Where All the Children Are Above Average

In the new my-kid-first world of education, anxious moms like Charissa Stone are demanding pricey special help from their public schools. It's what any good parent would do ... isn't it?

I’m really hoping Charissa Stone will turn out to be crazy.

It’s been a week now since Stone sent me an email out of the blue, suggesting I write about her eight-year-old daughter, Erin, and how the Council Rock School District has refused to acknowledge that her needs aren’t being met by the regular curriculum in her classroom. Erin, Stone wrote, has a learning disability that qualifies her for special education. Council Rock ought to recognize this, she said, because while Erin’s IQ is above the district’s 130-point “gifted” designation, her academic performance is only average.

[Click here to see a list of the Philadelphia area’s top 100 public schools]

Stone accused Council Rock of stonewalling: The “tactics, shadiness and lengths that schools are willing to go to get out of providing services for kids is unbelievable, almost criminal,” she wrote, her rage radiating from my computer screen. She’s in a court battle with the district, even though she’s president of her daughter’s school’s PTO: “While I am busy spending countless hours arranging bake sales, teacher appreciation dinners and numerous fund-raisers, my second-grade daughter can barely read or spell a word.”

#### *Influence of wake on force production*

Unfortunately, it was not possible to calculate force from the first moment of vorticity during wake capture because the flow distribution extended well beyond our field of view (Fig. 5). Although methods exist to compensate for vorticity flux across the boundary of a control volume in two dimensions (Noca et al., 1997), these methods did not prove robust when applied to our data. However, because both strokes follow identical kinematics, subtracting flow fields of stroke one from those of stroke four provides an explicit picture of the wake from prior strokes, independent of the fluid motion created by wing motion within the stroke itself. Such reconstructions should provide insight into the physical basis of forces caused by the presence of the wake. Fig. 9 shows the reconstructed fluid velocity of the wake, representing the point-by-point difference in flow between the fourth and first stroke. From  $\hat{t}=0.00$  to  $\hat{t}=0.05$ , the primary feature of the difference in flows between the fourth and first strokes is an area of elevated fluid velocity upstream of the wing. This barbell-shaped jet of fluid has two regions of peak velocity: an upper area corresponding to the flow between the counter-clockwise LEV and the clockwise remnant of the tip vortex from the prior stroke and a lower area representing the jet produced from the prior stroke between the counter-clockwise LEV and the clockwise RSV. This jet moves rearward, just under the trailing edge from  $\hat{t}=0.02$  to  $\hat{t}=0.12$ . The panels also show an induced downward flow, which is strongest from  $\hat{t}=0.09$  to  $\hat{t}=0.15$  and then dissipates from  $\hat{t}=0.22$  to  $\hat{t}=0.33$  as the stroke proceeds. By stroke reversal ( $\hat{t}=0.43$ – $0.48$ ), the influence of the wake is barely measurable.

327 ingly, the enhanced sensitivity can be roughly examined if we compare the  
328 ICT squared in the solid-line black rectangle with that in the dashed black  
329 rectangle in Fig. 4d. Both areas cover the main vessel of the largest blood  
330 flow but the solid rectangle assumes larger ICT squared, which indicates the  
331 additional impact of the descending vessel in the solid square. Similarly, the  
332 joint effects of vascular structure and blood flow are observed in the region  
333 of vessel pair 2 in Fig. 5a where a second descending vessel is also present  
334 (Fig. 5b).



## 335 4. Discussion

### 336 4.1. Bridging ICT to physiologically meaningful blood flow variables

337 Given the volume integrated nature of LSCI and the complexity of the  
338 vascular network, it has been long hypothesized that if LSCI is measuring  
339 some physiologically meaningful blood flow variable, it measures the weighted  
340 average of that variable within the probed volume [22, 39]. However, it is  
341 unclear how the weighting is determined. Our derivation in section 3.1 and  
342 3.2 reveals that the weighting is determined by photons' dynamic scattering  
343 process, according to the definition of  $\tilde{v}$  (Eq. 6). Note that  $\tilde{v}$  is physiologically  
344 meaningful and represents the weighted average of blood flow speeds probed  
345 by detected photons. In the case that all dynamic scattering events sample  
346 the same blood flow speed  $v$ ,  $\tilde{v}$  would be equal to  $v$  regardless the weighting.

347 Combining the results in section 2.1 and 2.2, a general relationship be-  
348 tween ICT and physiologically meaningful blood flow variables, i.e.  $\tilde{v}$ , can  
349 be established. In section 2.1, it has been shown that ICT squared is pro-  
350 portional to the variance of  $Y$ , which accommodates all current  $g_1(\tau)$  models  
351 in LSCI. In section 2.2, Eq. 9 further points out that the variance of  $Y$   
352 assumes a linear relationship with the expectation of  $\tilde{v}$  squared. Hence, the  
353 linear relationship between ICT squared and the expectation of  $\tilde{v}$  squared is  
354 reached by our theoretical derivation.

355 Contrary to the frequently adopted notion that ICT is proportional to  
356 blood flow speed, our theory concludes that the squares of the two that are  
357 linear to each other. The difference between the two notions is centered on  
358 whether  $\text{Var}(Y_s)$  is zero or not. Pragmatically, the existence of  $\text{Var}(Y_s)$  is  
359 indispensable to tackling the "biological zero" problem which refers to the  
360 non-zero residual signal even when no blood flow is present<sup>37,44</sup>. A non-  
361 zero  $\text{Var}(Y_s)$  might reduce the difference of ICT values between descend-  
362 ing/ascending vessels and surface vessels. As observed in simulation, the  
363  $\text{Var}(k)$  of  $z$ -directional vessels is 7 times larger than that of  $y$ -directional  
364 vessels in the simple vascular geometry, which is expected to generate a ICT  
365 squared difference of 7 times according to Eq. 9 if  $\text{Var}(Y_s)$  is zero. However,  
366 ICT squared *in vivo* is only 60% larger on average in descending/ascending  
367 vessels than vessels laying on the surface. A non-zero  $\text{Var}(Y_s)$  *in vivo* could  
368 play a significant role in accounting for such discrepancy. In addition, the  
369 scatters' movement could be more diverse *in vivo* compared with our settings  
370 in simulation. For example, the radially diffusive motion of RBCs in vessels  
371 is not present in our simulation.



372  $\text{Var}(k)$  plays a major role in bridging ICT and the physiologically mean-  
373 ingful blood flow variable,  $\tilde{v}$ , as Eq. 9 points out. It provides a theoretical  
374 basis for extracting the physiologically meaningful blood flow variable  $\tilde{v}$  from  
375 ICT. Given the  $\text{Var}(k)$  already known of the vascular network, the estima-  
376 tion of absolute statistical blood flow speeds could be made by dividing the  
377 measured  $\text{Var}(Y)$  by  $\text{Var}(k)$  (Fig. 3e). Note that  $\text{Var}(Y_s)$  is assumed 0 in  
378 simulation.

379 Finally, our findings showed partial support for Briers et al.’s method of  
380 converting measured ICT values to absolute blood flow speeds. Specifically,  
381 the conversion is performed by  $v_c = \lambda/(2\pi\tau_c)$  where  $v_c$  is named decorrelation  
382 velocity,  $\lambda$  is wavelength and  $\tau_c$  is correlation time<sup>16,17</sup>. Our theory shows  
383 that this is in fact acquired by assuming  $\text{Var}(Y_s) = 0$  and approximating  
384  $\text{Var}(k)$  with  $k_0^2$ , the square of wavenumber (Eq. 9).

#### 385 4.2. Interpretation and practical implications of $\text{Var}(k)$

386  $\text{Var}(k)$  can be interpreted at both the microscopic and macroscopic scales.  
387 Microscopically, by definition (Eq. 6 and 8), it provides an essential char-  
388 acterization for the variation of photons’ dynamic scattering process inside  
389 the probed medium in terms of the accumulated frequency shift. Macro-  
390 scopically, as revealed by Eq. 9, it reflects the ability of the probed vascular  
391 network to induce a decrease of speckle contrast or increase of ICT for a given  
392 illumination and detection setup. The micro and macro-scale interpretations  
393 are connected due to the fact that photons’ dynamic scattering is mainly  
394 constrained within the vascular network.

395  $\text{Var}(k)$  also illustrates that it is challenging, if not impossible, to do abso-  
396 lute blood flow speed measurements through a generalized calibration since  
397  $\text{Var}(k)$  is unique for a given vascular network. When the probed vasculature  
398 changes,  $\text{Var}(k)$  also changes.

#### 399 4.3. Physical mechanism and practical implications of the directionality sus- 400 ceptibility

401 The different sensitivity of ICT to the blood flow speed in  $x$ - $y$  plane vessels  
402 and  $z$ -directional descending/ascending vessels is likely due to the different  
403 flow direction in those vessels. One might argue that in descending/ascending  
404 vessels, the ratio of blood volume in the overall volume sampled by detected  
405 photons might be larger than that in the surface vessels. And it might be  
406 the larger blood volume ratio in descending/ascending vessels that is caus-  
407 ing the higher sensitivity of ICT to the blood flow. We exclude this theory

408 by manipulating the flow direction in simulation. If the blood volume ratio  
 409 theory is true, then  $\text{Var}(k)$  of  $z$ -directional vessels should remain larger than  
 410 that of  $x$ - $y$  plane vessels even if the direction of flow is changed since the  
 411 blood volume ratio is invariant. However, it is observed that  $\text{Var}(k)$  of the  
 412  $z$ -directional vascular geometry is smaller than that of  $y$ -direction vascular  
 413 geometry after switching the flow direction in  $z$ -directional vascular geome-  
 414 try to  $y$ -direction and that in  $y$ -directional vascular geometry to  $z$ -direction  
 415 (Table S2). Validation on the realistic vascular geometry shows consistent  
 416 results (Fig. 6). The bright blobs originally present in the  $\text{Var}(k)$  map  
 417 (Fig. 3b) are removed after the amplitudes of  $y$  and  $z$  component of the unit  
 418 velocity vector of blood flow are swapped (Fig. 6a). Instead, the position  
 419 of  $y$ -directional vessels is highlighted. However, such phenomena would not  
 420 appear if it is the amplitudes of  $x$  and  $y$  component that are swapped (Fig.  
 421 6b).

If Charissa Stone is crazy, I won’t have to open the Pandora’s box that is special education in Pennsylvania—a topic one teacher describes as “fraught with so much heartache.” I won’t have to look at how, thanks to ever-growing numbers of kids with ADHD and autism and other disabilities, special ed is devouring bigger and bigger slices of the school-district funding pie—prompting furious resentment in parents of regular old kids deprived of kindergarten and music and art. I won’t have to listen to special-ed advocates argue that these kids have historically been overlooked and underserved, tied to their seats, bullied and teased and, worst of all, ignored.

But most of all, I won’t have to decide whether Charissa Stone is the mother of a child whose disabilities really do qualify her for the extra attention of special ed, or just the epitome of the modern-day suburban Philadelphia Tiger Mom: overanxious, over-involved, and infuriated that the school district considers her daughter … average.